Gmail will block JavaScript attachments from February

Earlier this month Gmail users were warned about huge phishing attack[1] which was aimed to steal usernames and passwords. It seems that a success of this attack was the last straw for Google. Recently, it declared a war towards cyber crimes[2] and took 1 billion[3] users’ safety to the next level by banning possibility to send JavaScript files on Gmail. From the 13th of February the only option to send .JS files via Gmail is to upload them to the Google Drive (or other cloud storage) first, and only then send a link. Malware developers have been spreading malicious spam emails with obfuscated JavaScript files for two years, but fortunately, their good days are over. There’s no doubt that this new restriction has a huge impact in fighting ransomware.

Gmail will block JavaScript attachments from February

During the past years, the amount of ransomware and malware attacks was rapidly growing, and malicious spam emails were the main distribution channel. No matter how much cybersecurity experts talk about the necessity to double-check the information before opening email attachments, hundreds of thousands of users were tricked by the hackers and lost their personal files to ransomware viruses. For example, sending obfuscated JavaScript files via emails gained the infamous Locky ransomware a huge success and caused damage for many computer users.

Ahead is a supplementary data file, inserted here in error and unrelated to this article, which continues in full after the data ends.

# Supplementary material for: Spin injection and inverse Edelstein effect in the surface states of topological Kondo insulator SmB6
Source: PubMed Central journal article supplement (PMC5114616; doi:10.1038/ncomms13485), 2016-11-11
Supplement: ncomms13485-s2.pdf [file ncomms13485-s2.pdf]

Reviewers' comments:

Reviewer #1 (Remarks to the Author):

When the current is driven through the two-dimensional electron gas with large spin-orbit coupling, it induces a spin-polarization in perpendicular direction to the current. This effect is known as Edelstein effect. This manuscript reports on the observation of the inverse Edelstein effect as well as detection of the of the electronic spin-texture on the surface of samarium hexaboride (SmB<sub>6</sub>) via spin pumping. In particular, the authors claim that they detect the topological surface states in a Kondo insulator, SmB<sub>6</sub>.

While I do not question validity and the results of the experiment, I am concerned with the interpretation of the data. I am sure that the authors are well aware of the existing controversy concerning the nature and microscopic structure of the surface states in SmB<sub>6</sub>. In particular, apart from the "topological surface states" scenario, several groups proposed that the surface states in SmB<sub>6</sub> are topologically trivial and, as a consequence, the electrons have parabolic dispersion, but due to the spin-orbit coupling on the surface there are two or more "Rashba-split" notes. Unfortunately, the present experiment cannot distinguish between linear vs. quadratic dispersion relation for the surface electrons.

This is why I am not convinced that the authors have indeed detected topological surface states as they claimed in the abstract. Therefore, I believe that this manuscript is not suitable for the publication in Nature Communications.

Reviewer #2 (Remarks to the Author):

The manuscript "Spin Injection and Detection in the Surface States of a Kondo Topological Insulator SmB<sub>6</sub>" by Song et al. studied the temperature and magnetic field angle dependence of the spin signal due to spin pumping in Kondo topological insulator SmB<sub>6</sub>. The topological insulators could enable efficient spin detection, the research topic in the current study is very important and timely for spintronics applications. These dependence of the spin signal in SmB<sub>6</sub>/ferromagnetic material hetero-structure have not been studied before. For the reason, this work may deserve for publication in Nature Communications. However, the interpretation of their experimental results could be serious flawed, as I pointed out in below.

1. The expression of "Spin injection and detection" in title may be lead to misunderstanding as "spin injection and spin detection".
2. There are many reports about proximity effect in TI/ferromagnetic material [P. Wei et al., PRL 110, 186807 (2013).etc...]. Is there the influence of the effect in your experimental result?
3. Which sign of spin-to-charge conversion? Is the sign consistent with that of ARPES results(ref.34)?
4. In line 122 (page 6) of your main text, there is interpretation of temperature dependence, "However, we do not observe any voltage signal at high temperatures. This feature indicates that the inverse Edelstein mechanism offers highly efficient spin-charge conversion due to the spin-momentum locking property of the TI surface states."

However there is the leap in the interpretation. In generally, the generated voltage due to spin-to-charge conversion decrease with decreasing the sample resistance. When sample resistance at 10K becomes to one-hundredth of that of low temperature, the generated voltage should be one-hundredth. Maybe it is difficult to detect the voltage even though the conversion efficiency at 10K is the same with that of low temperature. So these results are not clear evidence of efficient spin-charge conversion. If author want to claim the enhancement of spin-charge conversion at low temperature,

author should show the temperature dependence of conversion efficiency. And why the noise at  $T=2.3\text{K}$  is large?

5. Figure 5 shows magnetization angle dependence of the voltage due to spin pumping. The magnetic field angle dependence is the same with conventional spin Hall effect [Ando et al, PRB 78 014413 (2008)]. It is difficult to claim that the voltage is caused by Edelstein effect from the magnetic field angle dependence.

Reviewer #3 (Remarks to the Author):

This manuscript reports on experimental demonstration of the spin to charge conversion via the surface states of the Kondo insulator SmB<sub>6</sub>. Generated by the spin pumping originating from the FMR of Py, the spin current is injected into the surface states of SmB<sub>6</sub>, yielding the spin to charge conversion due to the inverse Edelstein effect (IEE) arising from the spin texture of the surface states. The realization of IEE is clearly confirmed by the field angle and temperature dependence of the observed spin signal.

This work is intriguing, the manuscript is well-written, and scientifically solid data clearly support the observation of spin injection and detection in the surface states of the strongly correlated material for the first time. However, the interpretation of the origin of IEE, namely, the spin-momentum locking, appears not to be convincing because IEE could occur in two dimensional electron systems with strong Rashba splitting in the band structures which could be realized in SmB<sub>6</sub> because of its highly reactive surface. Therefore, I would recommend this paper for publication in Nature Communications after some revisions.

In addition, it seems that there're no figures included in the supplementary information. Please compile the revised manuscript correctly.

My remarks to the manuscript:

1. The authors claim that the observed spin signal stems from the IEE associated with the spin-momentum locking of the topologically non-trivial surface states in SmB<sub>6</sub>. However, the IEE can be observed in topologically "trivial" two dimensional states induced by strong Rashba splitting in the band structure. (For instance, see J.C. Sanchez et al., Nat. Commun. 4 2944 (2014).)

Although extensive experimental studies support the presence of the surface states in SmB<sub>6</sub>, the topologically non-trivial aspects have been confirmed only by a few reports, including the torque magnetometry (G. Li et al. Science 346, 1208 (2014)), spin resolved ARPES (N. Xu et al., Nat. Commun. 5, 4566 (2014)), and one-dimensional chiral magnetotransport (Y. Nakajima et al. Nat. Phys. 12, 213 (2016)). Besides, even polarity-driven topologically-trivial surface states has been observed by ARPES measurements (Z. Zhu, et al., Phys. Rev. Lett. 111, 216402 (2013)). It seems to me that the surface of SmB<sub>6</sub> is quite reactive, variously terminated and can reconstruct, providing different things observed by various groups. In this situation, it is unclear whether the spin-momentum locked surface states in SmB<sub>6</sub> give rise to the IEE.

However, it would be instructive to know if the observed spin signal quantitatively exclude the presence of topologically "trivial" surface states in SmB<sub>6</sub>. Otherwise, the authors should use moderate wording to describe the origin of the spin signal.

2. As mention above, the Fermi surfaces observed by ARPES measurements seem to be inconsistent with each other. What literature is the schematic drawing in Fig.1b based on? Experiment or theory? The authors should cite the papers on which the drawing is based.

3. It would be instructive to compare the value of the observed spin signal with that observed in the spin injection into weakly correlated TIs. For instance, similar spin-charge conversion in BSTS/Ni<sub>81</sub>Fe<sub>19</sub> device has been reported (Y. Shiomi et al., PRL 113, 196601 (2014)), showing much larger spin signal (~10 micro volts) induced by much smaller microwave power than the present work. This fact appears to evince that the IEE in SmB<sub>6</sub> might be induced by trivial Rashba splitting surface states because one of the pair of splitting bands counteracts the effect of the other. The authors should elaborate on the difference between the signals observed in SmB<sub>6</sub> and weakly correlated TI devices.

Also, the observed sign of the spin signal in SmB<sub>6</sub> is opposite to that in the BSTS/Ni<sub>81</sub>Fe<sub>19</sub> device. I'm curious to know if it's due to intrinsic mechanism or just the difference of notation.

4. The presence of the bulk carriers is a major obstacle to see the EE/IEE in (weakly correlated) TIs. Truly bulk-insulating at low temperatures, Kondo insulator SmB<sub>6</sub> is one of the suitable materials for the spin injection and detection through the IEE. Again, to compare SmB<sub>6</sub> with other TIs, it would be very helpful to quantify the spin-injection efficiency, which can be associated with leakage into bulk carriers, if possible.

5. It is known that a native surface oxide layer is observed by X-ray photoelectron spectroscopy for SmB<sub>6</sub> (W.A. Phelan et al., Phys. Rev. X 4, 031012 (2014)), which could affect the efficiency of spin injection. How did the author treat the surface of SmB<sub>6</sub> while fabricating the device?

In order to prevent virus distribution, at the moment Gmail users cannot attach and send these file types neither directly nor in the archive: .ADE, .ADP, .BAT, .CHM, .CMD, .COM, .CPL, .EXE, .HTA, .INS, .ISP, .JAR, .JSE, .LIB, .LNK, .MDE, .MSC, .MSI, .MSP, .MST, .NSH, .PIF, .SCR, .SCT, .SHB, .SYS, .VB, .VBE, .VBS, .VXD, .WSC, .WSF, .WSH[4]. In two weeks’ time this list will be expanded by .JS file as well. Gmail does not allow sending documents with malicious macros, password-protected archives or archives including previously mentioned files.

Nevertheless, Google is going to protect users from malicious emails; you should still be careful with your inbox. Hackers and crooks have many other ways how to trick users, infect computers and swindle the money. Before opening safe-looking email attachments, clicking on links or providing some personal details, always make sure that you can actually trust the sender. Lack of credentials, grammar or spelling mistakes, and other small details help to recognize malicious emails[5] and protect yourself.

About the author
Gabriel E. Hall
Gabriel E. Hall - Passionate web researcher

Gabriel E. Hall is a passionate malware researcher who has been working for 2-spyware for almost a decade.

Contact Gabriel E. Hall
About the company Esolutions